Objectives Cardiovascular disease is the main cause of death in patients with diabetes. It is reported that Protein kinase C signalling pathway plays a key role in diabetic myocardial and microvascular injury. A-Kinase Anchoring Protein150 (AKAP150) is one of the kinase-binding proteins that strongly increase the activity of kinase. Moreover, AKAP150 is strongly and specifically expressed in cardiac tissue. However, the pathological role of AKAP150 in diabetic cardiomyocyte is unknown. The present study attempts to investigate a role of AKAP150 in diabetic cardiomyocyte and verify that in diabetes, the high expression of p-PKC is not only key to induced cardiomyocyte damage, but abnormal expression of AKAP150 further activates the PKC pathway activity to aggravate cardiomyocyte damage.
Methods Western bolt method was used to observe the level of AKAP150, p-PKC and p-P47phox in diabetic cardiomyocyte of rats. Suppressing AKAP150 by RNAi in cardiomyocyte, we detected the level of p-PKC, p-P47phox and the NADPH oxdiase activity. The ROS and apoptosis levels of cardiomyocyte were assessed. In vitro, the interaction of AKAP150 with PKC was tested by confocal microscope and co-immunoprecipitation analysis.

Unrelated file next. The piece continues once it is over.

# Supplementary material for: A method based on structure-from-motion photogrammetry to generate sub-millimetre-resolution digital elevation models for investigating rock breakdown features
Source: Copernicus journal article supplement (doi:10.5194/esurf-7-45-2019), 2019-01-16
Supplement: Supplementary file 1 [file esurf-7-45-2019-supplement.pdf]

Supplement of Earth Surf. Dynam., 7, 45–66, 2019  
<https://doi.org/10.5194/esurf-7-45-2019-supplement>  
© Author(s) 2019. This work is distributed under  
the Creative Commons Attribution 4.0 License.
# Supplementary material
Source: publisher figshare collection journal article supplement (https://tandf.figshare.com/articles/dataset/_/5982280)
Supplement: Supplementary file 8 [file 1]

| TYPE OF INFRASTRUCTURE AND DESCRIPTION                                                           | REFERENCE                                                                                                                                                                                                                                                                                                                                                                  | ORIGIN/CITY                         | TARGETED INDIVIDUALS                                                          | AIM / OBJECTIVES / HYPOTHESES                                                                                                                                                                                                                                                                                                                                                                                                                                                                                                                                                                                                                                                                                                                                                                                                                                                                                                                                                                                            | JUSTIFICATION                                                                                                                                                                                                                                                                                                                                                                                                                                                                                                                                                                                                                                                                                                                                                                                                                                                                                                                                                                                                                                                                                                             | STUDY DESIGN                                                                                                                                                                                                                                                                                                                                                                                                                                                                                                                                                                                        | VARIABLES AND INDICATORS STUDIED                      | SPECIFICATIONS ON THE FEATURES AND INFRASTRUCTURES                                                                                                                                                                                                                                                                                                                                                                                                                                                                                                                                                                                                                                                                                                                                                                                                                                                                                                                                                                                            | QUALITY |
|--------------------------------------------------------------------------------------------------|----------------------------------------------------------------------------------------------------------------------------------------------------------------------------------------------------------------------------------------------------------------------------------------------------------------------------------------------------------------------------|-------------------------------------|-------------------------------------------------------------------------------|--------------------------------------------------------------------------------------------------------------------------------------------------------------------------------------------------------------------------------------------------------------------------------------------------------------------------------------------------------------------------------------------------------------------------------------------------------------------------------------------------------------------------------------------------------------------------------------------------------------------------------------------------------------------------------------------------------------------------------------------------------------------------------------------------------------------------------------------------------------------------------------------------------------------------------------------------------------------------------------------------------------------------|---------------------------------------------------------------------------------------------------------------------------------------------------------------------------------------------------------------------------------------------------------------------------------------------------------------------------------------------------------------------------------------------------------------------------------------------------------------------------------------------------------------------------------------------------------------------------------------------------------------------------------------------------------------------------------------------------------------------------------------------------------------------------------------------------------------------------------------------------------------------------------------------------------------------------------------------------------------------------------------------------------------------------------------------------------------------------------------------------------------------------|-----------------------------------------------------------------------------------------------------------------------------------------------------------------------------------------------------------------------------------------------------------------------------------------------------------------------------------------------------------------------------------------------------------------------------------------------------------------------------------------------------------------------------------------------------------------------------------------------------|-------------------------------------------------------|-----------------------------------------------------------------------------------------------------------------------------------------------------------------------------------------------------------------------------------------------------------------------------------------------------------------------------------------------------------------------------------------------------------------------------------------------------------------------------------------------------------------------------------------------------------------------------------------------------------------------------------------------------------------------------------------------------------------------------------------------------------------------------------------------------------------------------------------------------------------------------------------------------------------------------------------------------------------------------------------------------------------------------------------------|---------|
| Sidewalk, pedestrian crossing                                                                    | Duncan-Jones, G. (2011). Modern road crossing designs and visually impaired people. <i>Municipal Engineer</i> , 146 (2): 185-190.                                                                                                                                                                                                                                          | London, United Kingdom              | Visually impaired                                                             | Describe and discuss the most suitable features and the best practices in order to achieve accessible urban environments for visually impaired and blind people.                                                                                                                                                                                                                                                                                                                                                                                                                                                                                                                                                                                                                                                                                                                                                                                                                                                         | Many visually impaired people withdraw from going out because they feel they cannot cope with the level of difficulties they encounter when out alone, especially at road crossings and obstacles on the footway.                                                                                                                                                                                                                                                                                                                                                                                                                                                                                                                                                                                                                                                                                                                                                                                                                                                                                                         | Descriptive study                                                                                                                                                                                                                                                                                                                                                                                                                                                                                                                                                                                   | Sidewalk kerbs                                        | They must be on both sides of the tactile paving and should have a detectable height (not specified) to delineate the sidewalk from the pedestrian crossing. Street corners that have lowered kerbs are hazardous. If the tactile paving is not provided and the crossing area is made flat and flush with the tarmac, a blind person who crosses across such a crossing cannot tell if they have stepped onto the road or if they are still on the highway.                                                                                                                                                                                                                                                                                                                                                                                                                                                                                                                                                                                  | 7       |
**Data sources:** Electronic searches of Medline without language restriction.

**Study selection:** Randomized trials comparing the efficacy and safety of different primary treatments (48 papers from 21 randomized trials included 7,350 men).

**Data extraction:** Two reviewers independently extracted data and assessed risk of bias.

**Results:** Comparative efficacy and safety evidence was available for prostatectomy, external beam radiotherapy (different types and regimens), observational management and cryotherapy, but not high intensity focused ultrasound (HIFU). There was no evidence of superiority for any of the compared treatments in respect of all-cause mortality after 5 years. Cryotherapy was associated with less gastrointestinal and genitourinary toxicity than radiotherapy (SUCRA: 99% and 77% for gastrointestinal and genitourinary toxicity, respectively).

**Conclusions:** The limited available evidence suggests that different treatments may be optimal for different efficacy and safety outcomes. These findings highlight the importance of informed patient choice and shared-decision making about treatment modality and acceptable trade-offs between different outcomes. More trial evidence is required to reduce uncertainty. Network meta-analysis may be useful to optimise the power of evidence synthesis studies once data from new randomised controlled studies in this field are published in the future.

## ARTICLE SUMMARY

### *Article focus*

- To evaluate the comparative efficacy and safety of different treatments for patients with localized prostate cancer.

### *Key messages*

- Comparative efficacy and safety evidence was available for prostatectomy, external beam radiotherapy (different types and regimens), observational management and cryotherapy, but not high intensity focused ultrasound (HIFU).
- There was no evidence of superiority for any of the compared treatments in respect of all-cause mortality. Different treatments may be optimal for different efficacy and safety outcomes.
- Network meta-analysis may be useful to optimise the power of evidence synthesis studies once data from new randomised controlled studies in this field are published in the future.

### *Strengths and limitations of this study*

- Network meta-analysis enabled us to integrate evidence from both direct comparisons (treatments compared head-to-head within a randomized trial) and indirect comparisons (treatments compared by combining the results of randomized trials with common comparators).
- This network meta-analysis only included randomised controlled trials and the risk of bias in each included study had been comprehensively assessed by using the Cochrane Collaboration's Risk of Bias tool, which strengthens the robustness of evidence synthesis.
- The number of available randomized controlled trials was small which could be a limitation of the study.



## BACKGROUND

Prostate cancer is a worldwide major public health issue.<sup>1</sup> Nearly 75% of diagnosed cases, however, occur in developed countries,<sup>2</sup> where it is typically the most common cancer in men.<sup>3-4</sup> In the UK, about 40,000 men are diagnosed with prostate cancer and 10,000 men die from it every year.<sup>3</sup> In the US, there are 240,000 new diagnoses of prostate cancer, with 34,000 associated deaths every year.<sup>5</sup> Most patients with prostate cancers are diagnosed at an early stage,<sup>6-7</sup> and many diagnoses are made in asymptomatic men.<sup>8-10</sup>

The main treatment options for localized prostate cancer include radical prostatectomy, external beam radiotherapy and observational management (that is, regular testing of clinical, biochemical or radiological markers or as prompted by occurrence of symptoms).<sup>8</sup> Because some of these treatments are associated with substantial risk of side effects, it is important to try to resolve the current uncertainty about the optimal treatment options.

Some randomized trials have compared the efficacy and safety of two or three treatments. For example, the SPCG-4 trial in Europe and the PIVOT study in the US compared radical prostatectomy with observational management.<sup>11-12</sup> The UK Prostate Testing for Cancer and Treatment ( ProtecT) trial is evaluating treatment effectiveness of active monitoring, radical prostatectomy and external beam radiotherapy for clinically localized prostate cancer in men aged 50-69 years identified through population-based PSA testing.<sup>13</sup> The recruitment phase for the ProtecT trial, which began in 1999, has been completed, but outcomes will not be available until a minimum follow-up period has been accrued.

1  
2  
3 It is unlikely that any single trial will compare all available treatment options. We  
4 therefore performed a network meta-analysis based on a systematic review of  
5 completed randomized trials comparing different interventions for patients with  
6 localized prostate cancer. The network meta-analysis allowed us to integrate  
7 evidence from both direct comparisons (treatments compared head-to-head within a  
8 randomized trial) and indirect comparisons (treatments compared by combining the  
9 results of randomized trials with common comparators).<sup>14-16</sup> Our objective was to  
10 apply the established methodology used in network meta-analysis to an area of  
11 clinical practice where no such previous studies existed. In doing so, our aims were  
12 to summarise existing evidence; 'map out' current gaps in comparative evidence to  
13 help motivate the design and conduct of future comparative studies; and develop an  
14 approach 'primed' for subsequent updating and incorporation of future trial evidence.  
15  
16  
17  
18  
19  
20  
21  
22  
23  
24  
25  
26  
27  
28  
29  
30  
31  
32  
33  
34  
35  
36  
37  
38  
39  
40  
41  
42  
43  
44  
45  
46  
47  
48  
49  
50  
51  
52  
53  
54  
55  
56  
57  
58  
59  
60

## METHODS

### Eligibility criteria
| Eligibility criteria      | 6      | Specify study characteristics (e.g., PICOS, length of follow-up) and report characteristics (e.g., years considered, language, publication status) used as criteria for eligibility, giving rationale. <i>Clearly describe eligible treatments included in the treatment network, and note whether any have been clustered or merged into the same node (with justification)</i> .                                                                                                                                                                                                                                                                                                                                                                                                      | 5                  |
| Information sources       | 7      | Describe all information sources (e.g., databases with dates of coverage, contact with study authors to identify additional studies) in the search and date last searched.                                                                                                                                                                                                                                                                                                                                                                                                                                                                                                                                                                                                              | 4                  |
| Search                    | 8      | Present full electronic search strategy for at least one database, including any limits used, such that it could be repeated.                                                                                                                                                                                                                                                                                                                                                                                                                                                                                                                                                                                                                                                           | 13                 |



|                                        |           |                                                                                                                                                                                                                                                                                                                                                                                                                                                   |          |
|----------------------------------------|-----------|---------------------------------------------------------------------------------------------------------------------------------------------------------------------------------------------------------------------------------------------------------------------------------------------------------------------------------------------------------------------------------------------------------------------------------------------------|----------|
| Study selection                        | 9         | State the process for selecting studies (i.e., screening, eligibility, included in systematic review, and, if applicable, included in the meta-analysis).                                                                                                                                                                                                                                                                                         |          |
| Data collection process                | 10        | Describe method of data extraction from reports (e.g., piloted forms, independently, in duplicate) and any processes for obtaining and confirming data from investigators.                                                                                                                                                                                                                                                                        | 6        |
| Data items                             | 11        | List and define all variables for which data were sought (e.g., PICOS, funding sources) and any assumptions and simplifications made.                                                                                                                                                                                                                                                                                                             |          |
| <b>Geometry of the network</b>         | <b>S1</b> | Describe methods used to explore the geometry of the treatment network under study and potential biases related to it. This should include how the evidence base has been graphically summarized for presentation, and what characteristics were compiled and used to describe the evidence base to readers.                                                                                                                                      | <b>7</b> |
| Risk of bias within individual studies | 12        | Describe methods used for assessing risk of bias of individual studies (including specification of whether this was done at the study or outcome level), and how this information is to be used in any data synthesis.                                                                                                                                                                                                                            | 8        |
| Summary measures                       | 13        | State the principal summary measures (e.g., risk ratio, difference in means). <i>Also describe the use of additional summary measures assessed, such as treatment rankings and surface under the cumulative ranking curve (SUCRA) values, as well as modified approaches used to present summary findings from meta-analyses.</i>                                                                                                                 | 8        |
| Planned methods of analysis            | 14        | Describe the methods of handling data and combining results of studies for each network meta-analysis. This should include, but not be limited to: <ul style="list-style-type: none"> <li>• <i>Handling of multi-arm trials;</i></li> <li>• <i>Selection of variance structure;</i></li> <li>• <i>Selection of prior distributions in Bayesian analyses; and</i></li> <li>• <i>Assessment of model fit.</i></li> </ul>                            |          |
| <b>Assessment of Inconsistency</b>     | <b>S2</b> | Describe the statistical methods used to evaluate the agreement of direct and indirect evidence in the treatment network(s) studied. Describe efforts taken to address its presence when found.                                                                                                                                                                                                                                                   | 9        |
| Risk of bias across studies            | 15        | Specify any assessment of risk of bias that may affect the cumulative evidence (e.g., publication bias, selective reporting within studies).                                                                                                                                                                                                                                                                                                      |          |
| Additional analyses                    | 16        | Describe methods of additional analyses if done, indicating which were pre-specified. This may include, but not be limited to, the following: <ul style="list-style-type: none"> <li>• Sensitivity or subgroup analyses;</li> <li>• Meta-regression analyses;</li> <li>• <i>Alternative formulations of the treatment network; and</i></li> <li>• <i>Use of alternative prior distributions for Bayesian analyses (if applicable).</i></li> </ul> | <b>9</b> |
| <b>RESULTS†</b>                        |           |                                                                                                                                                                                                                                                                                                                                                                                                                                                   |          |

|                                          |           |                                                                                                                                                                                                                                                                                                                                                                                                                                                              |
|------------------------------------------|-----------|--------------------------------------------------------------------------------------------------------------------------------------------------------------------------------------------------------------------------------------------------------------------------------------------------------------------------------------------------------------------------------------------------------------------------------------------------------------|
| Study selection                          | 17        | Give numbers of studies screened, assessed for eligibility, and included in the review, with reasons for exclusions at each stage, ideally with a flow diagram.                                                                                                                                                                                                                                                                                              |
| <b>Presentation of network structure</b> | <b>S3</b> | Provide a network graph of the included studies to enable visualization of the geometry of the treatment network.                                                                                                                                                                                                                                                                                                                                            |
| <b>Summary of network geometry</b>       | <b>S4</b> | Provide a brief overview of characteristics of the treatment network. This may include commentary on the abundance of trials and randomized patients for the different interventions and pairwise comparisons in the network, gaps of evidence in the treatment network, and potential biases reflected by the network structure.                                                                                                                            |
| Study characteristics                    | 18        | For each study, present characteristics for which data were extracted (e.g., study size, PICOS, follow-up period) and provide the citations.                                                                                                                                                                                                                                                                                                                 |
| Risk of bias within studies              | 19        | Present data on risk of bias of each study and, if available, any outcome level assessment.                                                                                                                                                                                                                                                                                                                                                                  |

Results The level of AKAP150 was increased in diabetic cardiomyocyte of rats and relative to PKC’s level. After AKAP150 expression was suppressed, the level of p-PKC and p-P47phox expression and the NADPH oxdiase activity which increased by high glucose stimuli were remarkable decreased, compared with high glucose group (P < 0.05). Moreover, the ROS and apoptosis levels of cardiomyocyte in diabetes were also reduced after AKAP150 expression suppressed, compared with high glucose group (P < 0.05). In vitro, AKAP150 could bind and regulate the activity p-PKC in cardiomyocyte.
Conclusions These data demonstrate, for the first time, we show that AKAP150 is up-regulated in response to high blood glucose stimuli and affects diabetes-induced myocardial damage, and further clarify the mechanism of AKAP150/PKC/P47phox/NADPH/ROS pathway that enhance cardiomyocyte damage.